This ordinance simply deals with what's already in place. We have home-based occupations. What we need to do is regulate and control them. In the long run, there are many benefits. First, it legalizes what is already being done. It generates money for the city that will help with the tax base. It provides for better licensing control and regulation because we will now have a clear definition of who can and who cannot operate in residences. And, of course, it allows people to operate legally the kind of businesses that should be conducted from home, which by the way are often constitutionally protected--a writer for example.
CALIFORNIA | LOCAL
January 26, 2014 | By Lee Romney
OAKLAND - This city's beleaguered Police Department entered 2013 in full defensive mode. The crime rate had soared. Staffing was off sharply. And memories of the heavy-handed police response to Occupy protests 14 months earlier - and the lawsuits it generated - remained fresh. Scrambling for a turnaround, elected leaders hired out-of-state consultants to overhaul policing strategy and launched the first new police academies in years to beef up the force. The federal judge overseeing a settlement agreement over racial profiling and the beating and framing of suspects named a compliance director, giving him near-total control over the department.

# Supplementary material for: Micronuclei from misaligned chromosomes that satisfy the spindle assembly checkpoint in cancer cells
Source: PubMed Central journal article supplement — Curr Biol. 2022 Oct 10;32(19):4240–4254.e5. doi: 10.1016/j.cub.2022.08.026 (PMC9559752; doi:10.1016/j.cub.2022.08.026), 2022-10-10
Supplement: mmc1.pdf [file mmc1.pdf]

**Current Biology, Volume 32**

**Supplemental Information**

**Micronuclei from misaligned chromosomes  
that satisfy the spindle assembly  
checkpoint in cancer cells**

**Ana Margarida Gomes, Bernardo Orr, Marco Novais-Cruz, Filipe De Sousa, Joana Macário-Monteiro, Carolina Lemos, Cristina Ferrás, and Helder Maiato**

CALIFORNIA | LOCAL
June 8, 2013 | By Richard A. Serrano, Andrew Blankstein and Marisa Gerber
The gunman accused of killing four people in a Santa Monica shooting rampage Friday was apparently angry over his parents' divorce and had some mental health issues in the past, a law enforcement source told The Times. The suspect was identified by five law enforcement sources in Washington and Los Angeles as John Zawahri, in his 20s. Other sources with knowledge of the investigation said detectives believe the shooting was sparked by a family dispute of some kind but emphasized that the investigation was still in its early stages.
CALIFORNIA | LOCAL
April 8, 2013 | By Jason Song
Joey Bebolla spread his wares on the sidewalk of Beach Street in Watts: some plastic aquarium plants, a few used tape players, an ancient BlackBerry. A woman walks by and picks up an old toy cash register, which Bebolla had cleaned up after finding it in the trash. "Give me $2," he said. "Fine, give me $1. " The woman passed on the quick discount, and put the item down. "Selling used to be embarrassing, at first," Bebolla said. "But I had to do it to survive, and now I'm used to it. " Hawking fruit at freeway offramps or old clothing on driveways and lawns is a Los Angeles tradition.
CALIFORNIA | LOCAL
March 26, 2014 | By Robert Faturechi
After stepping down as Los Angeles County sheriff in January, Lee Baca largely has avoided the spotlight. Former aides don't know how to reach him. Reporters looking to interview him have been rebuffed. His last tweet was a link to his farewell address. But this week, Baca took center stage once again - this time as a guest speaker at a Loyola Marymount lecture hall where he offered a contemplative, and at times, self-critical view of his 15-year tenure. Speaking to a group of undergraduates Tuesday night, Baca said his biggest regret as sheriff was spending too much of his time at public events instead of managing his department.